NEW YORK ( The Deal) -- The Securities and Exchange Commission voted 4-1 on Wednesday, July 10, to move forward with an element of the Jumpstart Our Business Startups Act, eliminating the prohibition against general solicitation and advertising of private placement offerings. The new regime would affect hedge fund and private equity firms, as well as promoters of private offerings. SEC Commissioner Luis Aguilar was the sole hold out on the advertising rule. He said the elimination of the solicitation and advertising ban put investors at too much risk for fraud, calling the regulator's action "reckless." Official adoption of the general solicitation ban and bad-actor rule is subject to a 60-day public comment period and any final revisions by the SEC staff. The vote on general solicitation has been eagerly anticipated by many market players, since the JOBS Act's passage in April 2012. The law gave the SEC 270 days to write the regulations, and the commission has been criticized for missing the deadline. The amendment allows general solicitation in offerings conducted under Regulation D of the Securities Act, including sales of securities in private funds and startup companies based on limited information. Sales of securities under Regulation D are limited mostly to accredited investors. The new rule establishes a variety "reasonable steps" for issuers to follow to insure investors are accredited. The regulator also adopted a rule to disqualify so-called "bad actors" from private placements, in connection with the Dodd-Frank Wall Street Reform and Consumer Protection Act. The "bad actor" amendment, mandated by the passage in 2010 of the Dodd-Frank Act, allows the commission to disqualify certain felons and others who have been sanctioned by securities regulators from being involved with issuers or promoters of these private offerings. The SEC has not held a public meeting on the bad actor amendment since January 2012. While the vote was 5-0 on the bad actor rule, Commissioner Aguilar said the amendment did not go far enough in protecting investors. He objected to a change that makes the definition of a significant shareholder -- who would also be covered by the rule -- too broad, raising the threshold from 10% of any class of securities to 20%.
The most contentious action of the day was the vote to propose an amendment to Regulation D, Form D and Rule 156 to allow the SEC to gather more information in Rule 506 offerings. The amendment would expand the information required to complete a Form D, require the filing of a Form D at least 15 days prior to a securities issue and an amended Form D 30 days after an issue. Form D filings are required for private placement offerings under Rule 506. Commissioners Troy Paredes and Daniel Gallagher voted against the amendment, with the majority voting in favor of passage. Paredes said the rule could make it harder for small companies to raise capital. "The totality of what the commission is proposing would rob the market of its vitality," Gallagher said. He noted that companies used private placements under Regulation D to raise four times the amount of capital that was raised by initial public offerings in 2012. "This thwarts the purpose of the JOBS Act," Gallagher said. He also said the amendment could stifle capital raising at a time when job creation is critical. David Pankey, a partner with the law firm McGuire Woods in Washington, said the changes to the proposed rule for ending the ban on general solicitation included a specific safe harbor with a list of steps an issuer can use to verify the accredited status of investors. That was a positive change supported by a large number of market players who submitted comment on the rule when it proposed, Pankey said. Pankey also said the newly proposed investor protections, which were aimed at increasing the SEC's ability to track Rule 506 offerings in a world where general solicitation will be allowed, will now face a full court press from investor and industry advocates and may not survive intact. Investor advocates reproached the commissioners for their action on general solicitation. "With this vote, the Commission has thrown open the doors to mass marketing of hedge funds and other so-called private offerings, knowing full well that it lacks to tools to provide effective market oversight and that the current rules are inadequate to ensure that only those with the financial sophistication to understand the risks and the wealth to withstand potential losses invest in such offerings," Barbara Roper, director of investor protection at the Consumer Federation of America, said in a statement.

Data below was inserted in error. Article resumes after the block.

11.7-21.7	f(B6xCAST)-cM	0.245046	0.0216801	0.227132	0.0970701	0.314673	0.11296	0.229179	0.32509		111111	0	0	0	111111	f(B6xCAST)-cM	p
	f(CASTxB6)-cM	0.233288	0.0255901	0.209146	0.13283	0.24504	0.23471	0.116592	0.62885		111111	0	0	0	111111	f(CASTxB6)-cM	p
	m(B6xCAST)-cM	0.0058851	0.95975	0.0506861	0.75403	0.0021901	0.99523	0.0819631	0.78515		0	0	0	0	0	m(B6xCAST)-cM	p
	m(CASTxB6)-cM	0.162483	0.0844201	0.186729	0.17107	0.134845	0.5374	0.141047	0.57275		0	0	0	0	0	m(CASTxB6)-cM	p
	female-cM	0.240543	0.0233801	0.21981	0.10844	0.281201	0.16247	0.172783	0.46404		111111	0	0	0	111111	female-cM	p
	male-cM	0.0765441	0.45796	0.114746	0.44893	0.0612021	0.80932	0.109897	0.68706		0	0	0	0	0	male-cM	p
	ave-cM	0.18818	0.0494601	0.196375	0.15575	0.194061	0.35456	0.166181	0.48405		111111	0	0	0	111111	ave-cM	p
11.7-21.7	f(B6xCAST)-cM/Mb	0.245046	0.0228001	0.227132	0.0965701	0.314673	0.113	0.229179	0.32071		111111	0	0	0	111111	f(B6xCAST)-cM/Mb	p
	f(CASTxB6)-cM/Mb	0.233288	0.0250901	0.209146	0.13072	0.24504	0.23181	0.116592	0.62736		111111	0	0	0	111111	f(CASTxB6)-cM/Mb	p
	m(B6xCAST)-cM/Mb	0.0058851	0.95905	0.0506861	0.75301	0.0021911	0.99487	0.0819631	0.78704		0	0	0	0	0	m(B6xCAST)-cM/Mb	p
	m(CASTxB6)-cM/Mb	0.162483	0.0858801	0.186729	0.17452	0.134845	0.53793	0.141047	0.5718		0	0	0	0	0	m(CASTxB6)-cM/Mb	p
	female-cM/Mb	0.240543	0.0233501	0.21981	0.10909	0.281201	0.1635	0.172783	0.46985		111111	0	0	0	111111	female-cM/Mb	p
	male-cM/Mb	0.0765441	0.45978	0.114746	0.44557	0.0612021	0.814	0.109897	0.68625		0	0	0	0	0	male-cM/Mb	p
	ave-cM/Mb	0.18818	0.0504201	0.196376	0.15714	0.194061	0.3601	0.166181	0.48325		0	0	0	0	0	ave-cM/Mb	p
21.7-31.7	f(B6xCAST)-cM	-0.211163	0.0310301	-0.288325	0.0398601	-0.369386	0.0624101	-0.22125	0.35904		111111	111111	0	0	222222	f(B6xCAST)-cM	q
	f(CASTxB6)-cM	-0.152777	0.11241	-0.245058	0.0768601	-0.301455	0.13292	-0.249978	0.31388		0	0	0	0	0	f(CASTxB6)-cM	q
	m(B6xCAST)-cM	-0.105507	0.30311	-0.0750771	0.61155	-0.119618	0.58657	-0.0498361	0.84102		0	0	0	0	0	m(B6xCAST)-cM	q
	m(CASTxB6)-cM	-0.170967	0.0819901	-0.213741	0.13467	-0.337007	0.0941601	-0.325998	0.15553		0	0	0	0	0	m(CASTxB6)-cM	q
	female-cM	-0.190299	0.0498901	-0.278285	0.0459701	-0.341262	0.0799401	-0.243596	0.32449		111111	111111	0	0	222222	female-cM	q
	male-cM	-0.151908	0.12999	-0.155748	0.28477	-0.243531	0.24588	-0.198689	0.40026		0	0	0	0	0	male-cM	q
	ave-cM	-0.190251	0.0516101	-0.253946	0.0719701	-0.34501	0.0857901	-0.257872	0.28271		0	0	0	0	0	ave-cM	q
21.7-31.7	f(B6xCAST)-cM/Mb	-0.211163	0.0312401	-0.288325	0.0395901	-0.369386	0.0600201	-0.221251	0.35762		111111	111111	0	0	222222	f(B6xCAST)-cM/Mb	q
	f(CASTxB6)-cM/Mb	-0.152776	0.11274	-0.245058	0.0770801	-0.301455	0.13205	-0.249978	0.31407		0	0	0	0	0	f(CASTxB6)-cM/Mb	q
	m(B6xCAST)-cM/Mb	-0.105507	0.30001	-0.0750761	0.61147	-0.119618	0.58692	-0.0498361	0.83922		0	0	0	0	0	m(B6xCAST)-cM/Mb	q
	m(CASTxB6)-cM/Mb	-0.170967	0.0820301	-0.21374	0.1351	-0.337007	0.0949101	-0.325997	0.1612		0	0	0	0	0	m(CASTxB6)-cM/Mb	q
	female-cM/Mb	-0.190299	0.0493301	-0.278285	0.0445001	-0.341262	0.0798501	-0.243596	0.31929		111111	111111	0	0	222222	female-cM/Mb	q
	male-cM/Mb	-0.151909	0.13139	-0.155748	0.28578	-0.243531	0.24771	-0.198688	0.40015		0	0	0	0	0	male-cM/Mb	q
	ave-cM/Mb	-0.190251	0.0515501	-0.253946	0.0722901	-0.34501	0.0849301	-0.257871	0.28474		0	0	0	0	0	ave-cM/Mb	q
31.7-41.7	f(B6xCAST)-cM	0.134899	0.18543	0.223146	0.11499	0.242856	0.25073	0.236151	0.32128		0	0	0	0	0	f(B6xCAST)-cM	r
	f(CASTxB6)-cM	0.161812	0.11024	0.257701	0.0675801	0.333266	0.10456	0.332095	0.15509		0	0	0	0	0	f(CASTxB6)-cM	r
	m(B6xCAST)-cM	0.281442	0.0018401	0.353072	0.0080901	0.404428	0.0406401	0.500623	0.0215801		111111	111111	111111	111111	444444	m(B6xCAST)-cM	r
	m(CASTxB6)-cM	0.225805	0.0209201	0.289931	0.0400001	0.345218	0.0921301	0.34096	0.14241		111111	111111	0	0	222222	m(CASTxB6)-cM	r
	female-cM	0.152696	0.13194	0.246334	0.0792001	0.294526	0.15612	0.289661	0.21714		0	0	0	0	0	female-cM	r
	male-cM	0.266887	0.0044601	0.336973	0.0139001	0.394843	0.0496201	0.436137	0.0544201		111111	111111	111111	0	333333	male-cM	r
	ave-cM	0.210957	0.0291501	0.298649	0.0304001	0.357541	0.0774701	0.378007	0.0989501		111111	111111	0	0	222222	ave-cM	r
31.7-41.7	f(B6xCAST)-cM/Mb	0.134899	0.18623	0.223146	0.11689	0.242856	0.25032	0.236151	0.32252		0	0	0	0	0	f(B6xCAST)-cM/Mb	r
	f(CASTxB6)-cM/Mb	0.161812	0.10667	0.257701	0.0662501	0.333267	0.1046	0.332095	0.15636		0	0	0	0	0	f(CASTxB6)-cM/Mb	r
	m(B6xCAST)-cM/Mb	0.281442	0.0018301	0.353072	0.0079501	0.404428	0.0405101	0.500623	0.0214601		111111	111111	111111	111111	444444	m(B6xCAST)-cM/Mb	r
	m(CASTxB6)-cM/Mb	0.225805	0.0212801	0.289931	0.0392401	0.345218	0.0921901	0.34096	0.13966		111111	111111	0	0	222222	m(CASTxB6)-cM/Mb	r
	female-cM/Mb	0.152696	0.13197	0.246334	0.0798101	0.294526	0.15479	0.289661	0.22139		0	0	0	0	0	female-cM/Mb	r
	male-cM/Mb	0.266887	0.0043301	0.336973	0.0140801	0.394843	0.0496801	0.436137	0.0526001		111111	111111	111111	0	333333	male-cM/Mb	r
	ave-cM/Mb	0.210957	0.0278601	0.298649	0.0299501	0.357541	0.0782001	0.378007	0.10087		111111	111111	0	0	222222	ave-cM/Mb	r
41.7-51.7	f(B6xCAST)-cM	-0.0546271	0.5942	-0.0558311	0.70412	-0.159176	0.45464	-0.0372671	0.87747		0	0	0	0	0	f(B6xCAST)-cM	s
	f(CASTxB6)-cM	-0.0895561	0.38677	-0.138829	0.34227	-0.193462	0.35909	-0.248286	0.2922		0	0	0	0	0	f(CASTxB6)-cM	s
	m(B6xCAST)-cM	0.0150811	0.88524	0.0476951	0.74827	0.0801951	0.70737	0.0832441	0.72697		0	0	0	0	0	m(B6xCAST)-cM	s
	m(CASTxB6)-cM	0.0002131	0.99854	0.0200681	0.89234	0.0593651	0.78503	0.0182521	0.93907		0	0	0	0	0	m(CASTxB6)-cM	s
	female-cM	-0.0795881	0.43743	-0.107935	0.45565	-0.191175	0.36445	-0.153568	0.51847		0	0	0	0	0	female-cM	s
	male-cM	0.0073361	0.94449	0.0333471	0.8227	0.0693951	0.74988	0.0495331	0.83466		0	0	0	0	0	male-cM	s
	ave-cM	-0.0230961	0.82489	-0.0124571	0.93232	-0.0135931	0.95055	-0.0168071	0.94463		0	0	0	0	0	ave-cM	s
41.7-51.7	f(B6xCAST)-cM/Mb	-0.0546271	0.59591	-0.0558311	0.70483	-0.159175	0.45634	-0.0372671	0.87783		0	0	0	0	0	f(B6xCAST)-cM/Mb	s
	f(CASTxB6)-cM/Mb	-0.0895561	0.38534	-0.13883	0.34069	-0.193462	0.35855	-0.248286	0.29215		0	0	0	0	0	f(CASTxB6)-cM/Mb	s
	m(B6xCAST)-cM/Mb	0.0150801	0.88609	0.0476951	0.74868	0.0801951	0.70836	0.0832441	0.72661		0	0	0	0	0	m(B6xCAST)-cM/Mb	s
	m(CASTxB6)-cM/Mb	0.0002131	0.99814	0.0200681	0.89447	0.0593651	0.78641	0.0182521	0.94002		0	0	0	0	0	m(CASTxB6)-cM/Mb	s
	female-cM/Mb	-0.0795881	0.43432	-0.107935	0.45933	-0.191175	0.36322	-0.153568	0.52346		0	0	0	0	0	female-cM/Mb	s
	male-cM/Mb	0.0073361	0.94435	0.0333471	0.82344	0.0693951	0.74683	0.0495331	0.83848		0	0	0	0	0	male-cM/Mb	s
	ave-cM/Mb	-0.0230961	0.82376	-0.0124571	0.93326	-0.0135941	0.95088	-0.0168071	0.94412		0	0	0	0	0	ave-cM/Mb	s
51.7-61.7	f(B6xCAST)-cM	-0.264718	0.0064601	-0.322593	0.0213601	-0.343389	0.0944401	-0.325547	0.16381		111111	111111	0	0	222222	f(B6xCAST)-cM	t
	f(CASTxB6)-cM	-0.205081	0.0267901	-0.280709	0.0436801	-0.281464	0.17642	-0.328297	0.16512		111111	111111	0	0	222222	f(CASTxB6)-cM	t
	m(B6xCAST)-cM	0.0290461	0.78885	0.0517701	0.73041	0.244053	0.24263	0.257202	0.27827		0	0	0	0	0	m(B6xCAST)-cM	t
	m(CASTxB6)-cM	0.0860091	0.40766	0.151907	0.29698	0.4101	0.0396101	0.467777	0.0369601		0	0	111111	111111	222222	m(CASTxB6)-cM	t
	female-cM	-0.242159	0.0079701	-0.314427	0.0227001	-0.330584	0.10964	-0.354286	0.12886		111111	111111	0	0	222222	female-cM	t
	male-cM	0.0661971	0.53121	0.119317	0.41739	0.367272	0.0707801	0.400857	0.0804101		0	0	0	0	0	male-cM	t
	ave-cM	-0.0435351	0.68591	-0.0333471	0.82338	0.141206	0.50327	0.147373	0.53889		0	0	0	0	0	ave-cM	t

Roper said, however, that a legal challenge to the SEC's rules ending the ban on general solicitation is unlikely. Industry advocates were equally incredulous at the SEC's proposed investor protections. John Borer, the head of investment banking at Benchmark Co., who also sits on the SEC Advisory Committee on Small and Emerging Companies, said he agrees with Commissioners Paredes and Gallagher that the new investor protections will thwart the intent of the JOBS Act. "Why are they putting this in there? Just to hire more statisticians to look at information they never even required before?" he said. "Prefiling on a Form D before general solicitation, that was never part of the game before. It costs money, takes time and what's the benefit? Do they have any idea how much this stuff costs?" Nevertheless, Borer said he was glad the commissioners finally agreed to end the ban on general solicitation. "It makes sense and it made sense a year ago," he said. Written by Dan Lonkevich And Bill Meagher.